Apollo called the labour deal a last-minute stunt to gain an advantage when the two companies square off in court next week over their failure to close their deal.
An arbitrator ruled in September that the sale could not close unless Apollo drew up a collective bargaining agreement with the union that represents workers at two Cooper plants.
Cooper has accused Apollo of dragging its feet in those labor talks so it would have an excuse to back out of the merger deal or seek a lower price for Cooper.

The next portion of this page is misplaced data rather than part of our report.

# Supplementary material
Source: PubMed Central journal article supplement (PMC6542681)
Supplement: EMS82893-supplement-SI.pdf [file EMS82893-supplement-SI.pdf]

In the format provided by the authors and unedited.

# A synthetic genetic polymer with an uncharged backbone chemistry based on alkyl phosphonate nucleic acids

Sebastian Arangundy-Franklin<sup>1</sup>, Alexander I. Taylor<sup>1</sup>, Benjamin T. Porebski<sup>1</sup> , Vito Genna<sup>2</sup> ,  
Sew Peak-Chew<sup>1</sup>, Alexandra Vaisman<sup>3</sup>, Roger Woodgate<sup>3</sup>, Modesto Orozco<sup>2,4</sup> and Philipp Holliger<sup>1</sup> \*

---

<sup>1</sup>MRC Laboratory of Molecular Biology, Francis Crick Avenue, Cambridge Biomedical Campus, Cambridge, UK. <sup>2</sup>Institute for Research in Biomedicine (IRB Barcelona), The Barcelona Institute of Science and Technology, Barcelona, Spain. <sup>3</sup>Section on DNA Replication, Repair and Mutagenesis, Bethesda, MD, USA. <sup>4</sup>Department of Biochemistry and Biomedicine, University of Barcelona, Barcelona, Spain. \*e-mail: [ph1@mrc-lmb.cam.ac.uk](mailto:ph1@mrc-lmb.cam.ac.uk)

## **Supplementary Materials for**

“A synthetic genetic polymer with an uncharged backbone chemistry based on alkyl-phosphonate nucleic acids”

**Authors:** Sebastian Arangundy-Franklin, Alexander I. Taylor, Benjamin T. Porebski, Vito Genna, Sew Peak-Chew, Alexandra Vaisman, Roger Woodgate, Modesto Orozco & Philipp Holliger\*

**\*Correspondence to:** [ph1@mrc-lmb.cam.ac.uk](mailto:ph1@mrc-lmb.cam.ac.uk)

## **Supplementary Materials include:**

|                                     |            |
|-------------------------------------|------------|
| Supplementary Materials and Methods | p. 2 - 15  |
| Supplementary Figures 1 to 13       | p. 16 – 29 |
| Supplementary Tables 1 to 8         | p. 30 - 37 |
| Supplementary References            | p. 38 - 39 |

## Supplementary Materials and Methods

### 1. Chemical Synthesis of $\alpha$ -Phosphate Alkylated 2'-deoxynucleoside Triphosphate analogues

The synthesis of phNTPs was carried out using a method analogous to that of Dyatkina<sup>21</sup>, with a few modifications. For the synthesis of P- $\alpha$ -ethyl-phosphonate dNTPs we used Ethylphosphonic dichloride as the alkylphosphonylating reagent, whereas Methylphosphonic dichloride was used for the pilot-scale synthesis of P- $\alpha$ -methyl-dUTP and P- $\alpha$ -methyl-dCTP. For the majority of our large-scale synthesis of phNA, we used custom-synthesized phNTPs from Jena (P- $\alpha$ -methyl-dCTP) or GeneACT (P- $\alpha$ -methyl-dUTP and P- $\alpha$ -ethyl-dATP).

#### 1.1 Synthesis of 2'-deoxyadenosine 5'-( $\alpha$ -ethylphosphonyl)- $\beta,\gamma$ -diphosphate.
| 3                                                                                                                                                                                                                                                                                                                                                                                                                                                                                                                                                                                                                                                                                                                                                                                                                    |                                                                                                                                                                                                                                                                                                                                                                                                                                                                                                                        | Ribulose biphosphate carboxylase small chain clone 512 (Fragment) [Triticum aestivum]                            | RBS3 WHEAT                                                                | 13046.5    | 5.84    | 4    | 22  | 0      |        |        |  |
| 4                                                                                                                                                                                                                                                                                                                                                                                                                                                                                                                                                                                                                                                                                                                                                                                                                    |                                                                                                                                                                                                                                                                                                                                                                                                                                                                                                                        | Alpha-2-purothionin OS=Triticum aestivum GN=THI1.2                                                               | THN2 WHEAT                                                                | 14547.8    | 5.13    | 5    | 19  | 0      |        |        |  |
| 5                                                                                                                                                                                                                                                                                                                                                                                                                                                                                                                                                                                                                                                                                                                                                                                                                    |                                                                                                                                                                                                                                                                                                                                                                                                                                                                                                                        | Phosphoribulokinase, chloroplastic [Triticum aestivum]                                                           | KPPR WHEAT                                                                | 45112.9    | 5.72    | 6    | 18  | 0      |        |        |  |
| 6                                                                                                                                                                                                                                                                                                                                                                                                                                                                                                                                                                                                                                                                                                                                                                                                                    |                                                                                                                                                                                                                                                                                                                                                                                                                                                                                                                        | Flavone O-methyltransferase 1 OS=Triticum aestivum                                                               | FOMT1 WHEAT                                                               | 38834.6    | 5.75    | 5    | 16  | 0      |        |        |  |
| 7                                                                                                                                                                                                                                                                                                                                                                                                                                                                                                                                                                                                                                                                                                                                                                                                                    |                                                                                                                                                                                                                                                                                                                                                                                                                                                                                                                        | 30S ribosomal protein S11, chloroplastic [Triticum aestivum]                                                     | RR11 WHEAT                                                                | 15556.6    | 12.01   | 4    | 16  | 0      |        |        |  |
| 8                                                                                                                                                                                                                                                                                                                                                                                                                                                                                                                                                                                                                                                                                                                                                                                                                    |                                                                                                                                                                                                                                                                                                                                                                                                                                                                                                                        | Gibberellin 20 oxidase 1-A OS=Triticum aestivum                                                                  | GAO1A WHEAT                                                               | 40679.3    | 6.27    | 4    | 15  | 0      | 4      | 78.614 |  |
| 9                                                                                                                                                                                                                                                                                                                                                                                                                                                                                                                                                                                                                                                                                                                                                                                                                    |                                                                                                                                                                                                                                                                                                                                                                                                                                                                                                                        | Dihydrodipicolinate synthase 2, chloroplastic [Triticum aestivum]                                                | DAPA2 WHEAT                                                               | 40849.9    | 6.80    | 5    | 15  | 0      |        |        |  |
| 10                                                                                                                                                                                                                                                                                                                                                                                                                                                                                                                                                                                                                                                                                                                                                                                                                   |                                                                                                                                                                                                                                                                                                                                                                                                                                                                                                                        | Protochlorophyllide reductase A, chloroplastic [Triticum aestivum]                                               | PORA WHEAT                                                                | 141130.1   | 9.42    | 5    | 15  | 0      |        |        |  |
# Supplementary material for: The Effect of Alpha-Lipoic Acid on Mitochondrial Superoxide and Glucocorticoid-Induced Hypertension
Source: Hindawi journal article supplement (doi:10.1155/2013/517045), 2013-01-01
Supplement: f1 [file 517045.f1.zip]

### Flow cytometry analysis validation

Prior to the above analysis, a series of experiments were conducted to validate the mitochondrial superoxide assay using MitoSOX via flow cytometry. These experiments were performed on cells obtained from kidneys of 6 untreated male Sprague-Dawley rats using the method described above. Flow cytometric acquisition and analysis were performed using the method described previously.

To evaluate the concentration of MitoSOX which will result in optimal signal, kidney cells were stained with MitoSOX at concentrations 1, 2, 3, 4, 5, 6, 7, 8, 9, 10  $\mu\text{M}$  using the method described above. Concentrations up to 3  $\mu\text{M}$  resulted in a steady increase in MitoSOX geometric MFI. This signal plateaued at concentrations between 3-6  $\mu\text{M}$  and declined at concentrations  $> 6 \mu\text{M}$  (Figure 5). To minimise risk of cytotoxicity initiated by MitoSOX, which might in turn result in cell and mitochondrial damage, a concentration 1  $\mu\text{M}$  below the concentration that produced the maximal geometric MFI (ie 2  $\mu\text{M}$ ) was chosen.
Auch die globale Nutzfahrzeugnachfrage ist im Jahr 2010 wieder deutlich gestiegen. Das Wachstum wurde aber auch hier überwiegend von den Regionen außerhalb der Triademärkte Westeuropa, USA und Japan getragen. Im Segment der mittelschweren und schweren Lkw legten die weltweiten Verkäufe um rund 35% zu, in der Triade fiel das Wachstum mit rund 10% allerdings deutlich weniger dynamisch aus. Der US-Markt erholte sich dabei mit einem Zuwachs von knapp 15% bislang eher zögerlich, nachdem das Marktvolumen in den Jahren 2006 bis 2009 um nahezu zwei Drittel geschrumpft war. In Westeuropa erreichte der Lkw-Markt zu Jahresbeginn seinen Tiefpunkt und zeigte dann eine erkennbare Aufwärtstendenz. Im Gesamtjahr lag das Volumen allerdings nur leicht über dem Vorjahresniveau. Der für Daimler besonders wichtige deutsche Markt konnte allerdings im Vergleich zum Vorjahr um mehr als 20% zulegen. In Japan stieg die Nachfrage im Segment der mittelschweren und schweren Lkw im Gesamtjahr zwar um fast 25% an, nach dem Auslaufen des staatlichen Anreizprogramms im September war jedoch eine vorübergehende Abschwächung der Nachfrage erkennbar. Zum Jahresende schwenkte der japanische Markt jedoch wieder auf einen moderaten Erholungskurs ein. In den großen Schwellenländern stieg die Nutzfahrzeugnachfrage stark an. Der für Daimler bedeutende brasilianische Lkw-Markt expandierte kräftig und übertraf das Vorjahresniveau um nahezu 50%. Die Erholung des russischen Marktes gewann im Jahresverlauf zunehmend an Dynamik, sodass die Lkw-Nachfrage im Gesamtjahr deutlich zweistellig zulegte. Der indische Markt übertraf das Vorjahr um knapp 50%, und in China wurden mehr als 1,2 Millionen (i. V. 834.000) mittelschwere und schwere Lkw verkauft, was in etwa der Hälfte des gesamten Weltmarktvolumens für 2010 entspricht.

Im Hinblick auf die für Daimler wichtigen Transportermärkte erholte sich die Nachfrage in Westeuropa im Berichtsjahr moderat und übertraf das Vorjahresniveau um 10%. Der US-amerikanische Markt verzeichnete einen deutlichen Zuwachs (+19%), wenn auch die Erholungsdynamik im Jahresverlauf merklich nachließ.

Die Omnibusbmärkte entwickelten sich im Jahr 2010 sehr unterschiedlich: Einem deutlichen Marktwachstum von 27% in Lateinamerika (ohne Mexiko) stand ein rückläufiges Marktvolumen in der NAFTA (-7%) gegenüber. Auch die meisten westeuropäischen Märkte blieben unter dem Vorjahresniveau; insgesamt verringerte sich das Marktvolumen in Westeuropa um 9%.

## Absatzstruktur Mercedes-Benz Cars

The Findlay, Ohio-based company sued Apollo last month in an effort to force the deal to close and to get a court order allowing Cooper to negotiate a labour deal that would bind Apollo. A trial in that lawsuit begins on Tuesday.
The new labor deal agreed to on Wednesday is subject to review by Apollo, as well as ratification by the union's membership, Cooper said in a filing on Friday.
In a Friday filing with the Court of Chancery in Delaware, where the companies agreed to litigate, Apollo said it "objects to this last-minute hijack of this expedited litigation and insertion of an entirely new set of issues."